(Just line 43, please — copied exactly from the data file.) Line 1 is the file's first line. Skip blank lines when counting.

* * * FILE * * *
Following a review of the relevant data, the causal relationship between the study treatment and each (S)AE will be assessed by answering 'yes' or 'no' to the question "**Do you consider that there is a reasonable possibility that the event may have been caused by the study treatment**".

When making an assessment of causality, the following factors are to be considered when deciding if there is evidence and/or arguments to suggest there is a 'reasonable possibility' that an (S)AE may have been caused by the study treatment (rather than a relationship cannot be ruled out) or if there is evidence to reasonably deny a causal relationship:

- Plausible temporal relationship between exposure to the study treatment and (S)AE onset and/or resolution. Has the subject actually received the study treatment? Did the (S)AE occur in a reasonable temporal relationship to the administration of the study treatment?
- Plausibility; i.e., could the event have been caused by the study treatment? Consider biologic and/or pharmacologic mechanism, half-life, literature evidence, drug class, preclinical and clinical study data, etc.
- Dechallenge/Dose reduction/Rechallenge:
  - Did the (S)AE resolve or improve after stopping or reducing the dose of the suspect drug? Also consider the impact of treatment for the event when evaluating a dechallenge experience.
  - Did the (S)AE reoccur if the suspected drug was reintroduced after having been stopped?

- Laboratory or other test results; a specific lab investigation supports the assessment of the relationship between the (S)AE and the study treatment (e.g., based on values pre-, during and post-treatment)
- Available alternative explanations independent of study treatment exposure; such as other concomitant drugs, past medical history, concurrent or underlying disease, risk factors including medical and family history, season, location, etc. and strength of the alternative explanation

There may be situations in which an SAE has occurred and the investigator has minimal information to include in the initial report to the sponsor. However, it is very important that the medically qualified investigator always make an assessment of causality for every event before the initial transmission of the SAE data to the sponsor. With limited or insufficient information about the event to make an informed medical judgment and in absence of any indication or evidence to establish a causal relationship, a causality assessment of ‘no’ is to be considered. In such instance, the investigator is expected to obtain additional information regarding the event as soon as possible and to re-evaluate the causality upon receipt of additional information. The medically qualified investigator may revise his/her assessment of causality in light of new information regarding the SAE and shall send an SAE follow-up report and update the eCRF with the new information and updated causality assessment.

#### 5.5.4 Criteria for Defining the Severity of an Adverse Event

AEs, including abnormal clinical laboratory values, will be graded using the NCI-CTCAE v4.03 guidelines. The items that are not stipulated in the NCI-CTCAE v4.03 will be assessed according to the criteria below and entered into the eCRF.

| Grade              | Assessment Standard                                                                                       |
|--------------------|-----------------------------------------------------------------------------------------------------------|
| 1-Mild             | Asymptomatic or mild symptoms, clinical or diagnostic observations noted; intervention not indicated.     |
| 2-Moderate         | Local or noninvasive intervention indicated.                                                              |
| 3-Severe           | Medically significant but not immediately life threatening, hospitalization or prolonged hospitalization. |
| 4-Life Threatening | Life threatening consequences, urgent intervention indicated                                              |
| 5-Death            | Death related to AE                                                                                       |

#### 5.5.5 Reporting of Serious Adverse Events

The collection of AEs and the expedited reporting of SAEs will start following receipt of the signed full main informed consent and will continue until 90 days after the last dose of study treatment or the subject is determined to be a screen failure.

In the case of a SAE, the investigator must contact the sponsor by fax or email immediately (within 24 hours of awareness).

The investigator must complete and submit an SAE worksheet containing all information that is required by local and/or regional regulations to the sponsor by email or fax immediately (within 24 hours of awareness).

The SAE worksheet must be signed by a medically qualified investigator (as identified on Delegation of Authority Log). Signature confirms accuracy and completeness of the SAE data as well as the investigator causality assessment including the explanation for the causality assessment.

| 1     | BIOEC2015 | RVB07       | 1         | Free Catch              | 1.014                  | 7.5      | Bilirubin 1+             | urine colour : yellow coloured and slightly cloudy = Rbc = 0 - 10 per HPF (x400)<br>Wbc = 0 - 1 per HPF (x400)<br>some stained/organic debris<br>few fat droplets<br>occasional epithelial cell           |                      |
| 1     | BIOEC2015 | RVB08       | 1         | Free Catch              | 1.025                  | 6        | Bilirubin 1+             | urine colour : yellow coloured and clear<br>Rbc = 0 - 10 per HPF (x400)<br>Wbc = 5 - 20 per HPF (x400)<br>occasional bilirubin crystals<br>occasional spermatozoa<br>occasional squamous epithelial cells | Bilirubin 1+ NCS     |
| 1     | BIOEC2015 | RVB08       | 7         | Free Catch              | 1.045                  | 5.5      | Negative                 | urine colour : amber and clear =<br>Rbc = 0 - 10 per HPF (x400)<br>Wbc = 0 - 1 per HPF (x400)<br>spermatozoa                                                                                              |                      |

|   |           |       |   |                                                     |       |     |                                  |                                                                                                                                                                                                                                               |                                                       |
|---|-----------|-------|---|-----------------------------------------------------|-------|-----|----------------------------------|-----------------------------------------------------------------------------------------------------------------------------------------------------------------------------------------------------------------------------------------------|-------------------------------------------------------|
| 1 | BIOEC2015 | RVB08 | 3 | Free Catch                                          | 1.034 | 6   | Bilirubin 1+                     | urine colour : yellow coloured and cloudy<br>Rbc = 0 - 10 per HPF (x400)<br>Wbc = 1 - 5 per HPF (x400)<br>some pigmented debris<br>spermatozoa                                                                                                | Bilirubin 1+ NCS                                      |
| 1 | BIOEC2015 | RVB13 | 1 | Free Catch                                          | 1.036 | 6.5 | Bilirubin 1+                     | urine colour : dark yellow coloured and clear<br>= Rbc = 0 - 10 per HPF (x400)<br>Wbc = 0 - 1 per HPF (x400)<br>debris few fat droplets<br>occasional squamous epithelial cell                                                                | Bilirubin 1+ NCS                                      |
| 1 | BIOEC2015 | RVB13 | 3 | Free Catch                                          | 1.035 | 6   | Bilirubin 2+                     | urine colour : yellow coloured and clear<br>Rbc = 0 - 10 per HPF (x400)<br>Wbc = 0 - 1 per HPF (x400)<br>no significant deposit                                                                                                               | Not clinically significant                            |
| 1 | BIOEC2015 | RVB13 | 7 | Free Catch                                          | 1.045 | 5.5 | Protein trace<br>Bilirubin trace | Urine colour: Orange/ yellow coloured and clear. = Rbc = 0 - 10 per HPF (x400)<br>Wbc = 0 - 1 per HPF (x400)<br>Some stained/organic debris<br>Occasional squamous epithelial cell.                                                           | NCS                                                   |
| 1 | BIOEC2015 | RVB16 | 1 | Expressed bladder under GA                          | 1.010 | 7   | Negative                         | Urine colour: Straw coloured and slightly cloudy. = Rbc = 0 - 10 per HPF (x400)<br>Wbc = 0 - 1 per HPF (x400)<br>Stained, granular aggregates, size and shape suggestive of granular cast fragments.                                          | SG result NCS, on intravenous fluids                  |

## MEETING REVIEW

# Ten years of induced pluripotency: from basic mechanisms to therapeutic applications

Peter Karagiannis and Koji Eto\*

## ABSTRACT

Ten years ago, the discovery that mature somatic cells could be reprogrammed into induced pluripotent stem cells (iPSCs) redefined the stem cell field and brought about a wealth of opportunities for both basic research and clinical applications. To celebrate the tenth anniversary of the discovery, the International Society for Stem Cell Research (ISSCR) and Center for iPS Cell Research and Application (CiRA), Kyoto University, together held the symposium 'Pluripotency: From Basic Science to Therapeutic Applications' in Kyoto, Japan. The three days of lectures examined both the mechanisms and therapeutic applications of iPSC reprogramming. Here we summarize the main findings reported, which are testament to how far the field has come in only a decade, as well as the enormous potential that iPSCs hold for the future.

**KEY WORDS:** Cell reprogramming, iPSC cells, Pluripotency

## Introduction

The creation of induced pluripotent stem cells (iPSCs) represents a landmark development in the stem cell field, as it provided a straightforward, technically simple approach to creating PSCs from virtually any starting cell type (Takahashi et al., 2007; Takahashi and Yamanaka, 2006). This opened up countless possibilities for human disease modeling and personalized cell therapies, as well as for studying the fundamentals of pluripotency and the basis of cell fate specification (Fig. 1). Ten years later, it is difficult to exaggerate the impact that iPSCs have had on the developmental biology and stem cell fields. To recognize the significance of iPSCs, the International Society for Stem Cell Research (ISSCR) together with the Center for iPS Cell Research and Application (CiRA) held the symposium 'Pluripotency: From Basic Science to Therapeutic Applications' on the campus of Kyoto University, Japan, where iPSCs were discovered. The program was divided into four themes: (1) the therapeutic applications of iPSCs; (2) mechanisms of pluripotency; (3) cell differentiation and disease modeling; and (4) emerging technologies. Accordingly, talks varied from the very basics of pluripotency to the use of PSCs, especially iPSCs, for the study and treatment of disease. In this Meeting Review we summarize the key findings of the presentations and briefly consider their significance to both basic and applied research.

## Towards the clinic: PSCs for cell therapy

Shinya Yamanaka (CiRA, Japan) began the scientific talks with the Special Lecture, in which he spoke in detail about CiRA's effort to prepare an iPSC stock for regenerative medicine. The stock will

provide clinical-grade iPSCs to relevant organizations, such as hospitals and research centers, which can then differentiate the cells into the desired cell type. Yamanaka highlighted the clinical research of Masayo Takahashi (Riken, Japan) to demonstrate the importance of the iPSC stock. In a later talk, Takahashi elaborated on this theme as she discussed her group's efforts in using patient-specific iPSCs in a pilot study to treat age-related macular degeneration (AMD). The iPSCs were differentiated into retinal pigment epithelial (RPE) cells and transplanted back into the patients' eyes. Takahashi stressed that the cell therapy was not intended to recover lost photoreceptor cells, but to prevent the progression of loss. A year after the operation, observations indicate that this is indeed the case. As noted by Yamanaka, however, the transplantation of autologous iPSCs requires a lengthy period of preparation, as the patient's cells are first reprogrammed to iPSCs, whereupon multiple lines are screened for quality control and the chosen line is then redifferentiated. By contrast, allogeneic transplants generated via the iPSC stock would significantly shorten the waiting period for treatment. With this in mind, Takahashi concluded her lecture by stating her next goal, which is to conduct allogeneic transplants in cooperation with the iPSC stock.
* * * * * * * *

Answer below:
## Towards the clinic: PSCs for cell therapy